RichardCrucchiola
New Contributor II

Having a bit of a unique problem with this code.  I used a bit of the code above to nest the ListFeatureClasses inside of the ListDatasets.  Under my ListFeatureClasses section I'm trying to use arcpy.Describe to extract the geometry storage type of the feature class.  I've hit a wall where if the feature class and the feature dataset have the exact same name my second for statement is closing out.

import os, arcpy, time
from time import clock, strftime, localtime

try:
    sdeConn = "Database Connections\\washsde_rlis_sde.sde"
    arcpy.env.workspace = sdeConn
    oFileHeaders = "FeatureDataset,FeatureClass,Geometry"
    oListTime = time.asctime()

    f = open("K:/Workgroups/GISITS/ADMIN_DBA_Projects/Binary2SQLGeometry/WashSDE_RLIS_fcGeom.csv", "w")
    f.write("SDE Connection: " + sdeConn + "\n")
    f.write("List Created On: " + oListTime + "\n")

    datasets = arcpy.ListDatasets(feature_type='feature')
    datasets = [''] + datasets if datasets is not None else []
    print datasets

    f.write('Datasets in geodatabase: ' + str(datasets) + "\n")
    f.write(oFileHeaders + "\n")

    for ds in datasets:
        for fc in arcpy.ListFeatureClasses(feature_dataset=ds):
            desc = arcpy.Describe(fc)
            vFile = desc.file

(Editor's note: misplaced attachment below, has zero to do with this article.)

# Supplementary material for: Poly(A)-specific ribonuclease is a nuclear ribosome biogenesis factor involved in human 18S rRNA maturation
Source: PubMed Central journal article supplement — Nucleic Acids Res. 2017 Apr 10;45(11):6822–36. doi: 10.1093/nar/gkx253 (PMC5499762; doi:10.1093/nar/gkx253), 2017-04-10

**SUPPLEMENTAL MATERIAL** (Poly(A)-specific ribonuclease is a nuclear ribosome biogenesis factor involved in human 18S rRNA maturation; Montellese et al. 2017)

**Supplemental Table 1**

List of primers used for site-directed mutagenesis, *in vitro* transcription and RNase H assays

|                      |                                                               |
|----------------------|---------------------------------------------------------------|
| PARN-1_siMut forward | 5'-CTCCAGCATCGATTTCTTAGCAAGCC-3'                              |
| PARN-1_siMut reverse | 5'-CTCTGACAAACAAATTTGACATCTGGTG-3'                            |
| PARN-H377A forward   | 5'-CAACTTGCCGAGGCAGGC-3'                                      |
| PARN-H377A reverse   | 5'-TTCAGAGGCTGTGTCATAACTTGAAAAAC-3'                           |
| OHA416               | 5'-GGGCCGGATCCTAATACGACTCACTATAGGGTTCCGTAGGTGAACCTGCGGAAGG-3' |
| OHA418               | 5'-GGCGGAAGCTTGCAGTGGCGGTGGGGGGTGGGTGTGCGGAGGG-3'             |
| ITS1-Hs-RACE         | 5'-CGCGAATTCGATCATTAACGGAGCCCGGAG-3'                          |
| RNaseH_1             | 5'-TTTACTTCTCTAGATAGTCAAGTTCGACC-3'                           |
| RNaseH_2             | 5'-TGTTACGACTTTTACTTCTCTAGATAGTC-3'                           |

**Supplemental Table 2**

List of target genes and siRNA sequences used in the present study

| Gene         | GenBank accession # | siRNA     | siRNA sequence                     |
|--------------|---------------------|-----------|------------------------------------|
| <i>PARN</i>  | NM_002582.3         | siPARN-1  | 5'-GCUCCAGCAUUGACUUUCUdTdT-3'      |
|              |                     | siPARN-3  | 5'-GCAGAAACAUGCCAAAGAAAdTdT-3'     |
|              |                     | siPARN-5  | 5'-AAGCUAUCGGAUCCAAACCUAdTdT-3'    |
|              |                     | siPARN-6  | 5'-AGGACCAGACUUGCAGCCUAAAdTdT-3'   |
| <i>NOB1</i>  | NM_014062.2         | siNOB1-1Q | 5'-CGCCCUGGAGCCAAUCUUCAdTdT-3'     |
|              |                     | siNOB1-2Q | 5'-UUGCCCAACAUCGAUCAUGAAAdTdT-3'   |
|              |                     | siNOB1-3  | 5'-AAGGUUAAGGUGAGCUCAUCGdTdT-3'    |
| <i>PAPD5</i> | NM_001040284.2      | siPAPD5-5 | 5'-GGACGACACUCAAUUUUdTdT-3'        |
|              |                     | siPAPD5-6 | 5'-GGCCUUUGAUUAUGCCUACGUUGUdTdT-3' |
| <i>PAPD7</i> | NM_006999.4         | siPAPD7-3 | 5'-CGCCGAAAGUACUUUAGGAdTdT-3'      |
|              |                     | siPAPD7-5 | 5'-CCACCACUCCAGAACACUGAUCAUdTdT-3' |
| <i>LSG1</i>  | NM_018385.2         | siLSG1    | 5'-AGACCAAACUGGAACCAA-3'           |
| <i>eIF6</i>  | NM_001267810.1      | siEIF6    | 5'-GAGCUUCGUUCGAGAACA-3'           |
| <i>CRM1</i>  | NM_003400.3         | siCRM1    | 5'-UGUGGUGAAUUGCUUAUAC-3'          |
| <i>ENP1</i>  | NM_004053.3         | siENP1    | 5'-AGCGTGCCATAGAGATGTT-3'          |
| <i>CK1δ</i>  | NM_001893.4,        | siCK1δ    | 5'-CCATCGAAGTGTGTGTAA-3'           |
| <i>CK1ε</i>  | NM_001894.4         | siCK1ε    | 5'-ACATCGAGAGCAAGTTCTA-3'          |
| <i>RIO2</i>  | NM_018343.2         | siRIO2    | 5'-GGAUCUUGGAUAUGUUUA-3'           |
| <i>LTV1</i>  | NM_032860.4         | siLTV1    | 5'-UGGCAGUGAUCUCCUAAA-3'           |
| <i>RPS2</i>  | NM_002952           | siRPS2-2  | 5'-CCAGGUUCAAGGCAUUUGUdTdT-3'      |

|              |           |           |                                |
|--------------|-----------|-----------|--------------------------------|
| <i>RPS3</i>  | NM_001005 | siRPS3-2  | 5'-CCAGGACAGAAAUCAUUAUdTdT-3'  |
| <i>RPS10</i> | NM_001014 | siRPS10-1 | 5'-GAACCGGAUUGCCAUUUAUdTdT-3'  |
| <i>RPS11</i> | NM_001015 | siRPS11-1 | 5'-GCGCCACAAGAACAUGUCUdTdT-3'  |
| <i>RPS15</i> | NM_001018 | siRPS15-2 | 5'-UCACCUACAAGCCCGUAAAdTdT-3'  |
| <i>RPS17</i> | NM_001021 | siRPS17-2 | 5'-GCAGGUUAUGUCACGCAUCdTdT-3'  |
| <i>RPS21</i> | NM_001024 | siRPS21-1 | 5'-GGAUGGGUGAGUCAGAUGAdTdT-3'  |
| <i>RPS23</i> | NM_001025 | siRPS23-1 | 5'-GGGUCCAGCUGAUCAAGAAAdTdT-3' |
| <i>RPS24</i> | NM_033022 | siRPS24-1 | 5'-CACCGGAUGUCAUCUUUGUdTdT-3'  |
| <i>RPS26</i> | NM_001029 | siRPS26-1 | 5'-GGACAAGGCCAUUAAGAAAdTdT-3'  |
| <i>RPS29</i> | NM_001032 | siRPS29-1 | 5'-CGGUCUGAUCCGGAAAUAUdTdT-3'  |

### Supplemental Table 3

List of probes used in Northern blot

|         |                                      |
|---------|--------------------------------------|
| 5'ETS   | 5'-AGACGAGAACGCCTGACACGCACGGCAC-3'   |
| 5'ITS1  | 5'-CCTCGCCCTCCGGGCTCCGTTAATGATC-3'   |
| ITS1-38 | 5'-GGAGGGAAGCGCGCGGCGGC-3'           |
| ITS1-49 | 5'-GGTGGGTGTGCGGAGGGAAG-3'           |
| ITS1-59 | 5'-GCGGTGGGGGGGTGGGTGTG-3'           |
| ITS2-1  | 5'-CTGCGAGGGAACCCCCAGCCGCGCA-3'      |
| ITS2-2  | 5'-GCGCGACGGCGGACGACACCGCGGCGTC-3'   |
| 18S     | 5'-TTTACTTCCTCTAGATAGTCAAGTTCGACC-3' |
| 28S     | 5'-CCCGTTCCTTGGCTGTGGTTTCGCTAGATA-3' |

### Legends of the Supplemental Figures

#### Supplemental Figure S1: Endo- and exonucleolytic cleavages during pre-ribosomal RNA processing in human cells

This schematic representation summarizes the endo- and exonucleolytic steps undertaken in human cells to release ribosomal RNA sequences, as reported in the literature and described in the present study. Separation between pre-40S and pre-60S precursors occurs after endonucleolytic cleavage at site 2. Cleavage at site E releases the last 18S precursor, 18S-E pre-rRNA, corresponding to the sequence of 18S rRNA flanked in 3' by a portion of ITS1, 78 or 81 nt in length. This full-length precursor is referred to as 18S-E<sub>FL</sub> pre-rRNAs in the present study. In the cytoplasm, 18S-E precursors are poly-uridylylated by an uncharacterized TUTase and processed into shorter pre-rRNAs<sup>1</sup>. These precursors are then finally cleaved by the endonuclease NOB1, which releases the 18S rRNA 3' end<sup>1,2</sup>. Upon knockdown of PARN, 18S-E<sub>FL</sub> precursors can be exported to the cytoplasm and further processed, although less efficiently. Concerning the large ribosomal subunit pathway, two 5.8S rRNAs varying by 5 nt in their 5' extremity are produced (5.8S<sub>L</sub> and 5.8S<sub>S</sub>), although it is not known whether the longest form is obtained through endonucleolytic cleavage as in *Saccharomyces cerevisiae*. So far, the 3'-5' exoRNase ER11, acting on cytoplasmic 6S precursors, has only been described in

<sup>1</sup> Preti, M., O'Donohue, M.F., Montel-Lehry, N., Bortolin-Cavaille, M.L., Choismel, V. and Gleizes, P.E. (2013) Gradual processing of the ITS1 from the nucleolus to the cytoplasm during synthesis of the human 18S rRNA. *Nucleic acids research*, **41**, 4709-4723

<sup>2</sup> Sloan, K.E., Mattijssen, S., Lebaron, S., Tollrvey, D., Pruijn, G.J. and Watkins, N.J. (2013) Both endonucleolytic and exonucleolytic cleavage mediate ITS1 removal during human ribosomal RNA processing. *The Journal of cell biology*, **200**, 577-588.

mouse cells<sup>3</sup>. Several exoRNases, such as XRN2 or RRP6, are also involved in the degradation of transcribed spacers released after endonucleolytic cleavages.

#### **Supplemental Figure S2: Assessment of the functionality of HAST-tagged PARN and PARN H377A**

vPath = desc.path
            vGeometry = desc.geometryStorage
            f.write(ds + "," + vFile + "," + vGeometry + "\n")
            print (ds + "," + vFile + "," + vGeometry)
    f.close()
except:
    print arcpy.GetMessage(1)
    print arcpy.GetMessage(arcpy.GetMessageCount() - 1)

I get a type 1 exception when its trying to deal with the RLIS.RLIS.boundary feature class in the similarly named RLIS.RLIS.BOUNDARY feature dataset.  The SDE instances is named RLIS and the database users is named RLIS.

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JoshuaBixby
MVP Esteemed Contributor

I find the original listing data functions (ListDatasets, ListFeatureClasses, ListFiles, etc...) rather clunky to work with compared to other options.  The ArcPy Walk function is good for finding or enumerating data sets.  In this case, though, since you are focused on specific geodatabases and want additional properties of data sets, like geometry storage type, I think the old Describe class is best.

The code below will go through a geodatabase and print out the data set names, types, and geometry storage if applicable.

import os

gdb = # path to geodatabase

full_path = False # Specify whether dataset name should be full or relative

desc = arcpy.Describe(gdb)
for child in desc.children:
    datasets = [child] + child.children
    for ds in datasets:
        print "{},{},{}".format(
            ds.catalogPath.replace("" if full_path else gdb + os.path.sep, ""),
            ds.datatype,
            ds.geometryStorage if hasattr(ds, "geometryStorage") else ""
        )